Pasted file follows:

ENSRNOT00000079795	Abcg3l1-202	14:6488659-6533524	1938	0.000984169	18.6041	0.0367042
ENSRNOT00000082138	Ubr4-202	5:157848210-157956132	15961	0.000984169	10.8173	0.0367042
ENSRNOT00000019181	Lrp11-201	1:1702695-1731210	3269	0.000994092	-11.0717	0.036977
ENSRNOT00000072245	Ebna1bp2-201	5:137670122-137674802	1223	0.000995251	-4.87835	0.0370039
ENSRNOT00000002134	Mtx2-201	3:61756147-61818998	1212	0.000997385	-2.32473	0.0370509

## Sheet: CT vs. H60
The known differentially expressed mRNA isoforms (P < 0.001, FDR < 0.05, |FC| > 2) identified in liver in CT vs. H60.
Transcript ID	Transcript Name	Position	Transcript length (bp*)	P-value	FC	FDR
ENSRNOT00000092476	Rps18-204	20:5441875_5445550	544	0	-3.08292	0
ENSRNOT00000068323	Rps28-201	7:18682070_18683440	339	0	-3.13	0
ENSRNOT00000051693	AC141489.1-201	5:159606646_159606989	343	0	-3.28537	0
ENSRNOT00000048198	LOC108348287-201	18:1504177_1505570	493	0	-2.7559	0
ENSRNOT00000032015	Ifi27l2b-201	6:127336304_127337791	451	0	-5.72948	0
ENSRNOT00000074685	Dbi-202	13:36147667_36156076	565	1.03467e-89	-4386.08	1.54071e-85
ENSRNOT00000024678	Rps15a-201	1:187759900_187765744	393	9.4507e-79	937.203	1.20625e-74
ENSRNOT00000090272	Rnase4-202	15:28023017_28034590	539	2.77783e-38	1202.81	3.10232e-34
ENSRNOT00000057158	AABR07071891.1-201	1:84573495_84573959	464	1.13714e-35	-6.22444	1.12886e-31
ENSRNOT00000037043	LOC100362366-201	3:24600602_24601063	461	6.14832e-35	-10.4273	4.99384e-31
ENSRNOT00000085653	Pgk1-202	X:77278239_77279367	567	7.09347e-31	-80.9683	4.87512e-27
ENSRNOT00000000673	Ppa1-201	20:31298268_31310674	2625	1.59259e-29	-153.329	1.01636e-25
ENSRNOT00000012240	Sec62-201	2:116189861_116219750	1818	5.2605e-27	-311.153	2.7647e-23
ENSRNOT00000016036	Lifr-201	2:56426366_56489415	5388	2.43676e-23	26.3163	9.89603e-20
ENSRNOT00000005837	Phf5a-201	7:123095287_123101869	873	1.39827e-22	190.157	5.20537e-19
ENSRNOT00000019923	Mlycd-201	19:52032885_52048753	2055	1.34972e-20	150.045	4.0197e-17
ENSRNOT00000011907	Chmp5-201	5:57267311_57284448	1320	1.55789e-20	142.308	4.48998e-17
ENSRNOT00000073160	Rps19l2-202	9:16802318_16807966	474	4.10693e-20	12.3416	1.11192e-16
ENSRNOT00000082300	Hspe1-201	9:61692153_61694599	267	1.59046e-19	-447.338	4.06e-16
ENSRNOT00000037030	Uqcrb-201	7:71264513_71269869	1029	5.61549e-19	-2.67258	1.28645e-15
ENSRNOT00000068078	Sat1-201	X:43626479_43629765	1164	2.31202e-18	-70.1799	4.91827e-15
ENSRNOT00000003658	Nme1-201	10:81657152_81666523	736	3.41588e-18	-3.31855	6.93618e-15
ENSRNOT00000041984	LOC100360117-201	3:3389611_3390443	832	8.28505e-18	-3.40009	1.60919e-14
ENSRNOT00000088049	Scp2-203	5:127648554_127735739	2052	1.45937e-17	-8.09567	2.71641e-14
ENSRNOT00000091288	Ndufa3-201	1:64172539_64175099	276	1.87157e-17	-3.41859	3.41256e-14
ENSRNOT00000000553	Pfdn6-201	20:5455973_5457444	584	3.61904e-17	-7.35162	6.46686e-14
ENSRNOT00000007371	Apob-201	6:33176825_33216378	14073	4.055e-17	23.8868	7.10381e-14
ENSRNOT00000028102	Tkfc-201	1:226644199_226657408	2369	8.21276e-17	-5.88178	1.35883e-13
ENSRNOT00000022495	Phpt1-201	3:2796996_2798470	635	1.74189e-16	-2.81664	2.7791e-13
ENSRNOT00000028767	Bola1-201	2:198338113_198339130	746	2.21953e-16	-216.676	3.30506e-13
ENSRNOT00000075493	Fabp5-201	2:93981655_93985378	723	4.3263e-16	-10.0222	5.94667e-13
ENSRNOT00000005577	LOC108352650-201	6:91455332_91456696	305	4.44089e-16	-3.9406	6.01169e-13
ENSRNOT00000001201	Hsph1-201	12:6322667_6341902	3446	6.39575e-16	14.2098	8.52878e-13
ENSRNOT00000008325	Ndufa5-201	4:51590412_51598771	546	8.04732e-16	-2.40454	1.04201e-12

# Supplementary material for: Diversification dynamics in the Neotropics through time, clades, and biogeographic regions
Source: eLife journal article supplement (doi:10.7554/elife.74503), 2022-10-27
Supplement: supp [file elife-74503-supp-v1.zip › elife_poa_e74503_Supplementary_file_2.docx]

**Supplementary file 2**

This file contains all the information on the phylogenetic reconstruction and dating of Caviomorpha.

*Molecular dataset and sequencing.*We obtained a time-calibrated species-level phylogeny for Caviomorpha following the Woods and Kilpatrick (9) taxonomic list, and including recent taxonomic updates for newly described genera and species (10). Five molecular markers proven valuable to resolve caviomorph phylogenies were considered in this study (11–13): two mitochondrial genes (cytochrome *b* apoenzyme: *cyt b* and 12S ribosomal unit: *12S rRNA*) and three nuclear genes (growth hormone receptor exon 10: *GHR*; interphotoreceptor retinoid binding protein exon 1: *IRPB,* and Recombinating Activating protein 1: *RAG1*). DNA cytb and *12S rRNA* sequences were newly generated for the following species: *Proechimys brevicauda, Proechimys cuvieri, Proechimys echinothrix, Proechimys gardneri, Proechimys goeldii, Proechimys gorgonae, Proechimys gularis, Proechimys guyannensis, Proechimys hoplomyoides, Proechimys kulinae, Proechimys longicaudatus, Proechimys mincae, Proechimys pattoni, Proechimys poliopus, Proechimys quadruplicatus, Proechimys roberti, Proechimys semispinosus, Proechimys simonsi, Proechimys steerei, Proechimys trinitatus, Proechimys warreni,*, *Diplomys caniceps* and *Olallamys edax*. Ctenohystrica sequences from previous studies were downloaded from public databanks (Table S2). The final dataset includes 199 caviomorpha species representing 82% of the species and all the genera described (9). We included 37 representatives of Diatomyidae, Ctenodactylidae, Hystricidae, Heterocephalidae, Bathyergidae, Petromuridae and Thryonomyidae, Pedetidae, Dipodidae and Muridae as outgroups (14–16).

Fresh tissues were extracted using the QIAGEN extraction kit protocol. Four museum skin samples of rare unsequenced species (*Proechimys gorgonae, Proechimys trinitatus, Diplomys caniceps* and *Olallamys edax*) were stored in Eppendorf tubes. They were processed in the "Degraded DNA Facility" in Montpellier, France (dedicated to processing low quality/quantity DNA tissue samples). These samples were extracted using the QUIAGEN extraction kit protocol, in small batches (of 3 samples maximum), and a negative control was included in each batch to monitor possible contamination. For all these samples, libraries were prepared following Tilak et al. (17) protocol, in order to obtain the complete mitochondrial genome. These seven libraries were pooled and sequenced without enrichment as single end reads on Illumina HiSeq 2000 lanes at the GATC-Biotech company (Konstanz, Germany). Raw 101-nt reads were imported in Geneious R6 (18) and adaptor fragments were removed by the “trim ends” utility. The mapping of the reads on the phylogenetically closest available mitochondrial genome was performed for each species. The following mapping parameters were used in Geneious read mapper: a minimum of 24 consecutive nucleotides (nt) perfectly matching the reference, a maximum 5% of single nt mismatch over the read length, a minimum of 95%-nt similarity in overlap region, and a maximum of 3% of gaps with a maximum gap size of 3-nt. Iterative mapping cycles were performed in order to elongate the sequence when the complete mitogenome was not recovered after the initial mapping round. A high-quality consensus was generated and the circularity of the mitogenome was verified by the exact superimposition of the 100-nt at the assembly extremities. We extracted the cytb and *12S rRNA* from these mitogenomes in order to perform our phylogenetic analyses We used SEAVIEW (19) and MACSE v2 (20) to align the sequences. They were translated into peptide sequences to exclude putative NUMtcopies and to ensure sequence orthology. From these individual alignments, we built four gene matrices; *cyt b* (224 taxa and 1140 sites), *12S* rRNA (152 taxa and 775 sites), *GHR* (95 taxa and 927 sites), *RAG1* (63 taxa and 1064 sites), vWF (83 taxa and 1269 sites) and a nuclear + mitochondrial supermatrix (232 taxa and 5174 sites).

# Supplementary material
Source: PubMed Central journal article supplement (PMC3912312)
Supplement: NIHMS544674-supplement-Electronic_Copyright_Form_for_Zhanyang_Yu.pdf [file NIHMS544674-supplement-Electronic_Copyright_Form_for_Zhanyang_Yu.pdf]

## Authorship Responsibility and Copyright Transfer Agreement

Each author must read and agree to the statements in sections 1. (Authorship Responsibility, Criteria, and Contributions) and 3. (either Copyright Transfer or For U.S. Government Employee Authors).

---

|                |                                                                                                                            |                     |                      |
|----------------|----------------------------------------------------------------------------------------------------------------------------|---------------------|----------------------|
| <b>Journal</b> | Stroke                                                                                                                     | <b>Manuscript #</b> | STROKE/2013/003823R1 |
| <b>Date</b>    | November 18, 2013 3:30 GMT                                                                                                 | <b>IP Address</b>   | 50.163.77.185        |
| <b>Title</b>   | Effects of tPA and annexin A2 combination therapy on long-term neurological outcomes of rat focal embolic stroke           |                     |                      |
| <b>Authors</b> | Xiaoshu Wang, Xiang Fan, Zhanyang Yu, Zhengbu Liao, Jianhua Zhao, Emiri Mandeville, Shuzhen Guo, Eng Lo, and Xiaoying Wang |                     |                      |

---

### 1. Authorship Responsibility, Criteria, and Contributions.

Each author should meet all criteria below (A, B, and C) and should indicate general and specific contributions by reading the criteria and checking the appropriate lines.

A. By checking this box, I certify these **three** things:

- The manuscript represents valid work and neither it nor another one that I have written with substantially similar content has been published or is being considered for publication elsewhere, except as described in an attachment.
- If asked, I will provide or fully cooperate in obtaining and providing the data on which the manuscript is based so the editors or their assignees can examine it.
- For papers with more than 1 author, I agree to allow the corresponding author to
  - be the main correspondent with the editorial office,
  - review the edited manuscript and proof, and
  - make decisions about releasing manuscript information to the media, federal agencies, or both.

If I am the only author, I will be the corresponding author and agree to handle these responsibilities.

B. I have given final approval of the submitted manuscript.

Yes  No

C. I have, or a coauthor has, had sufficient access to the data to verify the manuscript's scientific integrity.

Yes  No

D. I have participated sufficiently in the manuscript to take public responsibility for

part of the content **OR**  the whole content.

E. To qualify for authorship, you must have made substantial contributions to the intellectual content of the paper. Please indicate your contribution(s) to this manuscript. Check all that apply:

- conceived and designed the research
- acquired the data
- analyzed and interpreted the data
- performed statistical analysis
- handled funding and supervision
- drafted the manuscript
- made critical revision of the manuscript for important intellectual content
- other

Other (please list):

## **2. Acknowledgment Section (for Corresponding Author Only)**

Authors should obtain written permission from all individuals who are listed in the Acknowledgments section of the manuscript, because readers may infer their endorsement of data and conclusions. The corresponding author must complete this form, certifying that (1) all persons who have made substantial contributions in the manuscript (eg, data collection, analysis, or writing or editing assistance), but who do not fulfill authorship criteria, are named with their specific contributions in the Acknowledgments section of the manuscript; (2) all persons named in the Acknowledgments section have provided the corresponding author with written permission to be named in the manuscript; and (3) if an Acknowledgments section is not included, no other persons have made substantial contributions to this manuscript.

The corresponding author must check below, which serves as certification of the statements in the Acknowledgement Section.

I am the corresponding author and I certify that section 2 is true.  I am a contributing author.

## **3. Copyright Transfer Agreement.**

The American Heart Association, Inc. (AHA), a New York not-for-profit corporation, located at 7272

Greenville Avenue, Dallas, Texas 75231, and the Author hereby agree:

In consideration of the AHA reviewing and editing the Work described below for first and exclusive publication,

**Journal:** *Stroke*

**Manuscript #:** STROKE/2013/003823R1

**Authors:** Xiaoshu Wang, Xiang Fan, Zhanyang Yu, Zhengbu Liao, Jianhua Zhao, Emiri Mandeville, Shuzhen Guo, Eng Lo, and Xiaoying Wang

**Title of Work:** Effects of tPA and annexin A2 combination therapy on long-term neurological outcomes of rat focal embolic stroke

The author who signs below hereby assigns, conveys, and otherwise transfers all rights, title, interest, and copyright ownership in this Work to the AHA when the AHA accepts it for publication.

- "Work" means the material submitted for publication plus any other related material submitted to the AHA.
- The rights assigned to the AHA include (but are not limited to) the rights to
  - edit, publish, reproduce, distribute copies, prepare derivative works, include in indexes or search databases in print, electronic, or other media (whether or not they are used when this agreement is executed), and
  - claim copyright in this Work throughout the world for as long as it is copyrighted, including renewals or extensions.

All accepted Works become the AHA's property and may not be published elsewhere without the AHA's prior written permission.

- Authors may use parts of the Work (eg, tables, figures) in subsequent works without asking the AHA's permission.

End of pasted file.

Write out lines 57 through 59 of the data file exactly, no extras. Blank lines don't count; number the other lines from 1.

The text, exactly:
|----------------|----------------------------------------------------------------------------------------------------------------------------|---------------------|----------------------|
| <b>Journal</b> | Stroke                                                                                                                     | <b>Manuscript #</b> | STROKE/2013/003823R1 |
| <b>Date</b>    | November 18, 2013 3:30 GMT                                                                                                 | <b>IP Address</b>   | 50.163.77.185        |